“It was a curious decision for them to make,” Johnson continued in the newsletter, in reference to the previous mayor and council members. “In theory, severance clauses are meant to make City Councils think twice about moving to dismiss a city manager over frivolous issues or for purely political reasons. … The fact is that the clause, as written, created an incentive for things to shake out exactly like they did. And that leaves you, the taxpayer, to foot the bill without even forcing the City Council to get together to discuss it first.”

Although severance pay is a benefit routinely negotiated between prospective city managers and the city councils that hire them, Johnson said in the newsletter that he favors performance incentives over severance clauses.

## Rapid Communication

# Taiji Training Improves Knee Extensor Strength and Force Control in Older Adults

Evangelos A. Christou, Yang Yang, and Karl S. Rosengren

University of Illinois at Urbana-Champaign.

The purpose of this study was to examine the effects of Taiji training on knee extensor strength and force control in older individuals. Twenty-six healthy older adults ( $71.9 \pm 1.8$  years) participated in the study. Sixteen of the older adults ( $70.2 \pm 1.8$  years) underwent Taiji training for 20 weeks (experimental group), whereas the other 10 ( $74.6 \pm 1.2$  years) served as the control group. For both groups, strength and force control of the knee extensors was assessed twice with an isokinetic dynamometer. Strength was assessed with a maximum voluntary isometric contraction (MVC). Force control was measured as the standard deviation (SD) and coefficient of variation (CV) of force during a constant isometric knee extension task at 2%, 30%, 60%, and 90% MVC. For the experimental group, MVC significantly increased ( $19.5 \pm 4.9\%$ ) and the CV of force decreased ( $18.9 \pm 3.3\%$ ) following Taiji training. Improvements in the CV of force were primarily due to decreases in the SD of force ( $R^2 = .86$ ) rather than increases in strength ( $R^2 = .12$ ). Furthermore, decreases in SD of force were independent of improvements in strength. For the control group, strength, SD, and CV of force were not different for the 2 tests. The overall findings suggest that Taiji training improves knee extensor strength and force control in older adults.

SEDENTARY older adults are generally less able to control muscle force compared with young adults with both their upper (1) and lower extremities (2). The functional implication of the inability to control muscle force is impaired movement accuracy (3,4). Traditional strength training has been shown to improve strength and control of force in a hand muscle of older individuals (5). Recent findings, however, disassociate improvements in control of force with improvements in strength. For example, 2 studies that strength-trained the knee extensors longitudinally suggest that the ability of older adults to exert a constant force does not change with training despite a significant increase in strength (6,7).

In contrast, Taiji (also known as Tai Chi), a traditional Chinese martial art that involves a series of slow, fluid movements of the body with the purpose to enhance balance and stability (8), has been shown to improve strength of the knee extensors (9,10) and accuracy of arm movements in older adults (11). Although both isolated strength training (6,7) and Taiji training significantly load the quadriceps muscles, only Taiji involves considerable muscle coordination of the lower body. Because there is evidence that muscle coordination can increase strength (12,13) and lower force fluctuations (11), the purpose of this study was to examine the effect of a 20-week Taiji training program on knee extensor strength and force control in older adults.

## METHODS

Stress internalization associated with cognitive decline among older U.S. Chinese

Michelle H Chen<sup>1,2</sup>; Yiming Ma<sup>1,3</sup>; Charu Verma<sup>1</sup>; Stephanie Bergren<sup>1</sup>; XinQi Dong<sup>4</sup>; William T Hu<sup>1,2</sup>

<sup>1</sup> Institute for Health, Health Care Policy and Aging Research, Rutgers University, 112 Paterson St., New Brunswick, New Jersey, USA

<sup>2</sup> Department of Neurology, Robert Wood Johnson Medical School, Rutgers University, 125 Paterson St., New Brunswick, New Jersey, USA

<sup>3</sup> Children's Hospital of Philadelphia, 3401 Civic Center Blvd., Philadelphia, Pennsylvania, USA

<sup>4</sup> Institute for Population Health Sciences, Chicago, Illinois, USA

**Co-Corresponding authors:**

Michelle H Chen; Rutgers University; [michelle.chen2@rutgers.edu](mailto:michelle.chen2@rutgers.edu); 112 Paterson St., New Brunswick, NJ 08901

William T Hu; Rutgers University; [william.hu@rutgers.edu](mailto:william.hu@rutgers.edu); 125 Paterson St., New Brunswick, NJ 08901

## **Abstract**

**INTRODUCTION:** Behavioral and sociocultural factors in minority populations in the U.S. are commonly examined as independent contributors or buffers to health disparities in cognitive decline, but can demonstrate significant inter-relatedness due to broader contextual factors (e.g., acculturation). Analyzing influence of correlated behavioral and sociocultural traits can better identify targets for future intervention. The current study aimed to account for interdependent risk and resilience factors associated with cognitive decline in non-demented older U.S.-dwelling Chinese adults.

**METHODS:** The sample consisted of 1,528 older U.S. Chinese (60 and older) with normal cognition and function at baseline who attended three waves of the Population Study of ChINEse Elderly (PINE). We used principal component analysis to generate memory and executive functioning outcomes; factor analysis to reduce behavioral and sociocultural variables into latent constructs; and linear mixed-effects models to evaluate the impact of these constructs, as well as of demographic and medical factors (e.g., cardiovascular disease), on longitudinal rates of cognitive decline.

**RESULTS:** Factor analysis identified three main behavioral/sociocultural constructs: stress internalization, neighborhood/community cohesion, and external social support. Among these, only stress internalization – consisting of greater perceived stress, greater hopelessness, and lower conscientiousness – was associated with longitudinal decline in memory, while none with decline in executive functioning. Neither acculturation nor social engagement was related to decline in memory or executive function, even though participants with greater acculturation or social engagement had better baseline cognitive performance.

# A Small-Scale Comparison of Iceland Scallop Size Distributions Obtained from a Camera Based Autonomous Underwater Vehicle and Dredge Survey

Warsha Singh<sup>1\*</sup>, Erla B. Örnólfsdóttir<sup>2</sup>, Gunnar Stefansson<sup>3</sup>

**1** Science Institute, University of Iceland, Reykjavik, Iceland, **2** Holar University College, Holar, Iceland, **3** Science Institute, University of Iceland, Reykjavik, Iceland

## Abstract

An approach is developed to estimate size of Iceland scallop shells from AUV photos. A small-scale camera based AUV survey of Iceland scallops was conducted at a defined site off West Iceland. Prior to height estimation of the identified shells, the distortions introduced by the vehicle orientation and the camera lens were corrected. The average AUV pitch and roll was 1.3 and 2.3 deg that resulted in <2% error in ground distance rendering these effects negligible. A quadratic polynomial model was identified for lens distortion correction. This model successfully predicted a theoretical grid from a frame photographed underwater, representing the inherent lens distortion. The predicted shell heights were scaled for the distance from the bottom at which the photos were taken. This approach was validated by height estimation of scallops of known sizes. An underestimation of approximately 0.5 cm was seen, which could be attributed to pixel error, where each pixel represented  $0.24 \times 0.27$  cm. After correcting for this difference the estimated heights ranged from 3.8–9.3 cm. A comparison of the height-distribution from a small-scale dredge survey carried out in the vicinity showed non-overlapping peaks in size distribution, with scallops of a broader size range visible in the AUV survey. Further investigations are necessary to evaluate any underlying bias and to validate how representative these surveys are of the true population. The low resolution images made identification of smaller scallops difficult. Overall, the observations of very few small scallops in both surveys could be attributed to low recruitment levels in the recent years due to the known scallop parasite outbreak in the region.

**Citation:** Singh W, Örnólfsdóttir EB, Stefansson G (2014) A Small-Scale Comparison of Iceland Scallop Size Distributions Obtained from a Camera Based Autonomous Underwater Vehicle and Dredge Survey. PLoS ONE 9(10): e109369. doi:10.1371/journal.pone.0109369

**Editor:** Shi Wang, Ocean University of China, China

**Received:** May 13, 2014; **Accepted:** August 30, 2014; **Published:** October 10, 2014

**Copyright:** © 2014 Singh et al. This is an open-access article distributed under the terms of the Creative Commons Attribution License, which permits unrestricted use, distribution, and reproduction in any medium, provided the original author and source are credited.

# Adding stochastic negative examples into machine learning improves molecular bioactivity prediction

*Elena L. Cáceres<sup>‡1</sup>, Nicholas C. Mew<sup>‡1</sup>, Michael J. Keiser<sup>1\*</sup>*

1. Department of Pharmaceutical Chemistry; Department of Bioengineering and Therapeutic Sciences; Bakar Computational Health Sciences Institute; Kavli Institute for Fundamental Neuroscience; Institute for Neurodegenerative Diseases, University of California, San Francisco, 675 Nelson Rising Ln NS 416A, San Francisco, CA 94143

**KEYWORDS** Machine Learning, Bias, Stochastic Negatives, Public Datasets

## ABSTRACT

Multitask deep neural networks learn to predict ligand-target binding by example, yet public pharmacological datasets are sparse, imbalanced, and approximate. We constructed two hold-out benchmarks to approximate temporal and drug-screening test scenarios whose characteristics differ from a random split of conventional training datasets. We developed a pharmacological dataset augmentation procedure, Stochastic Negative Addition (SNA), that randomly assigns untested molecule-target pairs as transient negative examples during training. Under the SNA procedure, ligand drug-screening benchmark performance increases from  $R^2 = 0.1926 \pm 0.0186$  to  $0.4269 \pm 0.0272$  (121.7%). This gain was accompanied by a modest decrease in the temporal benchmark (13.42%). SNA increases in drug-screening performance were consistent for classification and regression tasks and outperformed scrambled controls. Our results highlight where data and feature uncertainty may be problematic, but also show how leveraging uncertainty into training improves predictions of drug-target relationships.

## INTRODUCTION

“This simply shouldn’t have happened this way. At the very least, it shouldn’t happen again in Dallas — or anywhere in the state. The Texas Legislature ought to take the step to protect taxpayers by forbidding these golden parachutes for city employees in any locality in the state. … It’s time for the Dallas City Council to take a stand by definitively stating that there won’t be a golden parachute clause in the next city manager’s contract,” he wrote.

Resendez criticized the mayor’s newsletter as another example of Johnson not working with council members to advance the City’s interests. He told DMN that while he agrees with the mayor that the next city manager’s contract should be carefully reviewed, Johnson has not discussed the topic with the rest of the city council.

“Effective governance requires collaboration and a commitment to the public good,” he said. “Instead of perpetuating divisive rhetoric and simplistic narratives, the mayor should prioritize cooperation and pursue solutions that uplift and benefit all Dallas residents.”

Broadnax’s last day with the City of Dallas is May 2.